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Role of road features in cycle-only crashes in New Zealand Munster, Diana ; Koorey, Glen ; Walton, Darren

By: Contributor(s): Publication details: Sydney 2001Description: 3 sSubject(s): Online resources: Notes: Road Safety Research, Policing and Education Conference Proceedings, 2001, Sydney Abstract: Research carried out in 2001 examined the causes of cycle crashes on roads, footpaths, and cycle ways throughout New Zealand, through a survey of injured cyclists. Crashes due to impact with a moving motor vehicle were excluded, as the emphasis was on the role of road features in these crashes. Of these crashes 28% were due to road features, mainly to loose gravel and irregularities in the road surface. Other factors were the cyclists’ own actions, bicycle problems, actions of others, and crashing when trying to avoid collision with another being, or object. Most crashes occurred in fine weather and in daylight, on straight roads, away from intersections, in urban areas. Two cycling crash patterns emerged from the study: crashes in urban areas mainly occurred when cyclists were using their cycle for transport, while crashes in 100km/h speed zones mainly involved those using their cycle for sports training.
Item type: Reports, conferences, monographs
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Road Safety Research, Policing and Education Conference Proceedings, 2001, Sydney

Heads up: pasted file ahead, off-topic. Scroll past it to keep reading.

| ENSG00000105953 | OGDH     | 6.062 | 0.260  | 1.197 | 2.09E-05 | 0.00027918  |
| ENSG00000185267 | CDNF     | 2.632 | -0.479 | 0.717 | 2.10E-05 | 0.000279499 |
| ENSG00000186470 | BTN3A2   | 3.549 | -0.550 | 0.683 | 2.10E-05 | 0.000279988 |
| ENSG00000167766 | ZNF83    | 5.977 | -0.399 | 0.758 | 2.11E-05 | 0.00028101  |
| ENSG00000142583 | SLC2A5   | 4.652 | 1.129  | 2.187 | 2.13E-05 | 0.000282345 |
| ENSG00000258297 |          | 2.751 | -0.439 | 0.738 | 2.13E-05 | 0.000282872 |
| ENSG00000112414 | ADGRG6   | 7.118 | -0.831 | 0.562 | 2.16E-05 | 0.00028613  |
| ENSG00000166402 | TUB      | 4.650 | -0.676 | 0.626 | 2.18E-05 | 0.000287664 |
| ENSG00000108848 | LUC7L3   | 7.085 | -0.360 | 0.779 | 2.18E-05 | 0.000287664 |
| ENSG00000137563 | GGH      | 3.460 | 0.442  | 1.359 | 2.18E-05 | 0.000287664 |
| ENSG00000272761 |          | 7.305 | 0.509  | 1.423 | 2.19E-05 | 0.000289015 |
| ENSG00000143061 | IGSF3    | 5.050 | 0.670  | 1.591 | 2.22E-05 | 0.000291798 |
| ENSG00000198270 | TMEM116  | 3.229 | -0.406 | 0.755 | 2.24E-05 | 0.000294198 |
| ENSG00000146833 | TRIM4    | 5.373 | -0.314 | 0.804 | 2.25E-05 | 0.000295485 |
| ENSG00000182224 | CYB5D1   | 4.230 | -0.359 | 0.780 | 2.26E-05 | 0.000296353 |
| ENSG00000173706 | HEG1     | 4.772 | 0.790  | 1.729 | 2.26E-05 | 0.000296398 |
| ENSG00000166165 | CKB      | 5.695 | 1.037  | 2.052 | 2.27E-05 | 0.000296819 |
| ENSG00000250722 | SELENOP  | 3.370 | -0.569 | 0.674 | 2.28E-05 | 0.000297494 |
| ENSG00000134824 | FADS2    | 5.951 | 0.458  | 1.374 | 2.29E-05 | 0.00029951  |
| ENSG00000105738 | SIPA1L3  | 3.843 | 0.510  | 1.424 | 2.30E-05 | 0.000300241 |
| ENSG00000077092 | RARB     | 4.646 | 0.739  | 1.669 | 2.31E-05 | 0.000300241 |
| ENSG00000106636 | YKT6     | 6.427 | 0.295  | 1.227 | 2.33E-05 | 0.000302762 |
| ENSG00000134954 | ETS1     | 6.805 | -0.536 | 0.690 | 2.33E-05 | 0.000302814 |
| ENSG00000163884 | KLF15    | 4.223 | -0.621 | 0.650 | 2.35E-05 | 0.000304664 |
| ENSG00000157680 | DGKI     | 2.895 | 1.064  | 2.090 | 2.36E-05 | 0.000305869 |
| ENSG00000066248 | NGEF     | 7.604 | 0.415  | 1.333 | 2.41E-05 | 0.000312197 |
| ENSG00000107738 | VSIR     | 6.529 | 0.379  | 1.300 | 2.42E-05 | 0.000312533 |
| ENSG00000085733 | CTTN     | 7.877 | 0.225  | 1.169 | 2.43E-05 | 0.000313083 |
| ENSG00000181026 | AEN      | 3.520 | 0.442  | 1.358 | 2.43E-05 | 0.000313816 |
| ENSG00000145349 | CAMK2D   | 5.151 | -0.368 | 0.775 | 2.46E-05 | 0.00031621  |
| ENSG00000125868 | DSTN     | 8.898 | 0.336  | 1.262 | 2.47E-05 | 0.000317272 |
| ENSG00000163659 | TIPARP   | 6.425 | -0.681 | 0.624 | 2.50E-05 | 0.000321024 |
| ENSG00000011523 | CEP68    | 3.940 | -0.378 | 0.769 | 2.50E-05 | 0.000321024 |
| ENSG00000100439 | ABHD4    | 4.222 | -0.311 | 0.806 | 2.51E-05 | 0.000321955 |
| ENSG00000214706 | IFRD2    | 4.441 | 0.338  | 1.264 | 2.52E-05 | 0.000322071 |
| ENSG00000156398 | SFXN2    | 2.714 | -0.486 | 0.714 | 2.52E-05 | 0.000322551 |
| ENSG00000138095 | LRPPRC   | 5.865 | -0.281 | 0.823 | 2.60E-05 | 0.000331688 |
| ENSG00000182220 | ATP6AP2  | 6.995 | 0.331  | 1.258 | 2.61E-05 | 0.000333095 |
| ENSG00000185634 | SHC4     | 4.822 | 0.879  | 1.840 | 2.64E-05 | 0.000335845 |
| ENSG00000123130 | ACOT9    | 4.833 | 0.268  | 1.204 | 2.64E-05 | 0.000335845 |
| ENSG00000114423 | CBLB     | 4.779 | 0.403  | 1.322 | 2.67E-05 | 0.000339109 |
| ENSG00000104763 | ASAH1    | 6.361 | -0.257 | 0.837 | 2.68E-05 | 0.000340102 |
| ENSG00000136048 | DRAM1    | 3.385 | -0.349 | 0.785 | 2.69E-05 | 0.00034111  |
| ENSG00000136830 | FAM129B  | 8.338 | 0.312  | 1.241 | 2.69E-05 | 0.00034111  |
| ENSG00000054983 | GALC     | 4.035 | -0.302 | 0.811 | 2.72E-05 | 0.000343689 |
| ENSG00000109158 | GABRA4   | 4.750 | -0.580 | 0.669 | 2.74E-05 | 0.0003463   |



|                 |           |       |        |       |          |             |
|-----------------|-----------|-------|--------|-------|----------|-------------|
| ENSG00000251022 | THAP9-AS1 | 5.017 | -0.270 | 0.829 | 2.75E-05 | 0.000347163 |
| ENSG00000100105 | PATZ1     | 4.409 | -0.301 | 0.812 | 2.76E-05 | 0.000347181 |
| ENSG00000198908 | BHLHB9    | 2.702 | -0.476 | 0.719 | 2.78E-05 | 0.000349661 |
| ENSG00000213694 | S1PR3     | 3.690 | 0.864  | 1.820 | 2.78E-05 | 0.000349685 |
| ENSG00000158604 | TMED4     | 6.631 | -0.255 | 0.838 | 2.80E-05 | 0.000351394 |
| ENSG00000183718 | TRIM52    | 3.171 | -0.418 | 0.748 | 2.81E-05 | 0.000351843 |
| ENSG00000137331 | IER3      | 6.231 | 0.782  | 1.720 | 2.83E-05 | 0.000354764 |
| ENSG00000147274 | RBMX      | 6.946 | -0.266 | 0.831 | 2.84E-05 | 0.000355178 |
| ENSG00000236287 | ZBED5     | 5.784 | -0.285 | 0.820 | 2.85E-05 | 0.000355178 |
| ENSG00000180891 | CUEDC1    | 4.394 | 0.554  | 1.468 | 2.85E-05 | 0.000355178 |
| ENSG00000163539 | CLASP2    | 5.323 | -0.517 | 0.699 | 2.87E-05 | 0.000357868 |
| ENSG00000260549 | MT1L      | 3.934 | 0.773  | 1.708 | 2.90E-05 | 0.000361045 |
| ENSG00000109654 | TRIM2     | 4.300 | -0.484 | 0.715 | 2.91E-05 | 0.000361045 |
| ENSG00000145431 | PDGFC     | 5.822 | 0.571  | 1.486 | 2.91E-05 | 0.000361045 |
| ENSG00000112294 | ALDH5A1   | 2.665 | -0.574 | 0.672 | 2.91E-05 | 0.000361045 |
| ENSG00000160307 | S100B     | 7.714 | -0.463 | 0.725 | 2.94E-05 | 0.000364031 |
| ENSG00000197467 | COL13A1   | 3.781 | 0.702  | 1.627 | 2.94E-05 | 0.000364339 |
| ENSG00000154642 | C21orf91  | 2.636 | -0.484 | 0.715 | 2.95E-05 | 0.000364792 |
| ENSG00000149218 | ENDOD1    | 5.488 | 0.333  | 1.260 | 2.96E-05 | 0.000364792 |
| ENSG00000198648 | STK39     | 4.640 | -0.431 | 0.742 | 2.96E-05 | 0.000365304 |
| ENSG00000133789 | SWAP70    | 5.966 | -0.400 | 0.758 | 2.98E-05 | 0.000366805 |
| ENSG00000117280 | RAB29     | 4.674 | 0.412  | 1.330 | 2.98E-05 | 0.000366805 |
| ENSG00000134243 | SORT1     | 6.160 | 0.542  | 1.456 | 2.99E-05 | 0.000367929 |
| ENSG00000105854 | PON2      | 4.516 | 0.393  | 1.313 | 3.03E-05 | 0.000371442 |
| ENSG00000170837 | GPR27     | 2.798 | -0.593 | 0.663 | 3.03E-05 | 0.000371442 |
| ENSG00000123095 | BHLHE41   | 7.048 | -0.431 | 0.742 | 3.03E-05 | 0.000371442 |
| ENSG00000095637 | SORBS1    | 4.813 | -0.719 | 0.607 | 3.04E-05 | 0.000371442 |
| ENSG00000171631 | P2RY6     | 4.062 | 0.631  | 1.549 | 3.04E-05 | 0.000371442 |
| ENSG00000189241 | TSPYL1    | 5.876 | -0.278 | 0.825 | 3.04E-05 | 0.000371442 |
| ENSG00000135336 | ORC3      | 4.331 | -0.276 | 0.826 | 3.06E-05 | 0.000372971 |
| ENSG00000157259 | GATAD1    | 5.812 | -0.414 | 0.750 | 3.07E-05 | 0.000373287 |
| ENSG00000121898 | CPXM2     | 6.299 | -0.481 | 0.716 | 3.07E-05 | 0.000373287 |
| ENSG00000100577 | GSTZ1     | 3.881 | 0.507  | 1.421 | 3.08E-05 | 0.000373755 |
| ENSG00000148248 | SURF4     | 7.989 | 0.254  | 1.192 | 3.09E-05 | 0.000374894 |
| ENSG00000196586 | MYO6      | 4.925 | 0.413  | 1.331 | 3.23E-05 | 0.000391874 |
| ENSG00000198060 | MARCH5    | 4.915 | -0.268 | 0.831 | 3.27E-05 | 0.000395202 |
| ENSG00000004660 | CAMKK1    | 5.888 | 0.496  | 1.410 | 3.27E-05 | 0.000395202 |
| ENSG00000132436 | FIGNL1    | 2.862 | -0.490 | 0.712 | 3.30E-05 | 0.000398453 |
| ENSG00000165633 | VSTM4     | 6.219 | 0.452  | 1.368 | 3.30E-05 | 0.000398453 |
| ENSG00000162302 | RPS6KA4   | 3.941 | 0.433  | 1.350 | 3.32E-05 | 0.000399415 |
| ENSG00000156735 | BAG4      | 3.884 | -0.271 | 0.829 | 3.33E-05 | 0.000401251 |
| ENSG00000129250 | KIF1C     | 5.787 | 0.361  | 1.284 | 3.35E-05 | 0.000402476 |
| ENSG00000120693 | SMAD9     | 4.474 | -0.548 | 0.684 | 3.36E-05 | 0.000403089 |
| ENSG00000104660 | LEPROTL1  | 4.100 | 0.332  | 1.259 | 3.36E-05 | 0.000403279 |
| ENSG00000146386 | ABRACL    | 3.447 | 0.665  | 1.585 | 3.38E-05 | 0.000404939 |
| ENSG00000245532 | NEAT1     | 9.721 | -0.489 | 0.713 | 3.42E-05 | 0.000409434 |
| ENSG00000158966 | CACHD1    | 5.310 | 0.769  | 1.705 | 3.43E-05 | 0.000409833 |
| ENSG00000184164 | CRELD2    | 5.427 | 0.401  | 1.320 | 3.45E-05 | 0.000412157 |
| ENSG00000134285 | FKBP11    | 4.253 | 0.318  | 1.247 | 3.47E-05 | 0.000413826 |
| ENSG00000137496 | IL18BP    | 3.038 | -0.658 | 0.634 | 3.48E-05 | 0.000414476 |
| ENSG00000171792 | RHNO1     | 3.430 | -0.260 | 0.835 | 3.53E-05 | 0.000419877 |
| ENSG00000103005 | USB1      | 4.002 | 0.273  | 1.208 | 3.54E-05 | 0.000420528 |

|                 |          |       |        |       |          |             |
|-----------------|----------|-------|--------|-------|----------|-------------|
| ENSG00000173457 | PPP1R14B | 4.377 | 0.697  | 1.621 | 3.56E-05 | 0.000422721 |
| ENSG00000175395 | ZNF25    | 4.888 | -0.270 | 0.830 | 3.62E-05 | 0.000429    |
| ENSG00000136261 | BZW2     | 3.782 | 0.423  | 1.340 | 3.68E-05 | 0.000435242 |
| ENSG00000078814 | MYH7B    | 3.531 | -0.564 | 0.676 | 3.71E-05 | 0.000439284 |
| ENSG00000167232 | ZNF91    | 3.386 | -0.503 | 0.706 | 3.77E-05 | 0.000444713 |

Research carried out in 2001 examined the causes of cycle crashes on roads, footpaths, and cycle ways throughout New Zealand, through a survey of injured cyclists. Crashes due to impact with a moving motor vehicle were excluded, as the emphasis was on the role of road features in these crashes. Of these crashes 28% were due to road features, mainly to loose gravel and irregularities in the road surface. Other factors were the cyclists’ own actions, bicycle problems, actions of others, and crashing when trying to avoid collision with another being, or object. Most crashes occurred in fine weather and in daylight, on straight roads, away from intersections, in urban areas. Two cycling crash patterns emerged from the study: crashes in urban areas mainly occurred when cyclists were using their cycle for transport, while crashes in 100km/h speed zones mainly involved those using their cycle for sports training.

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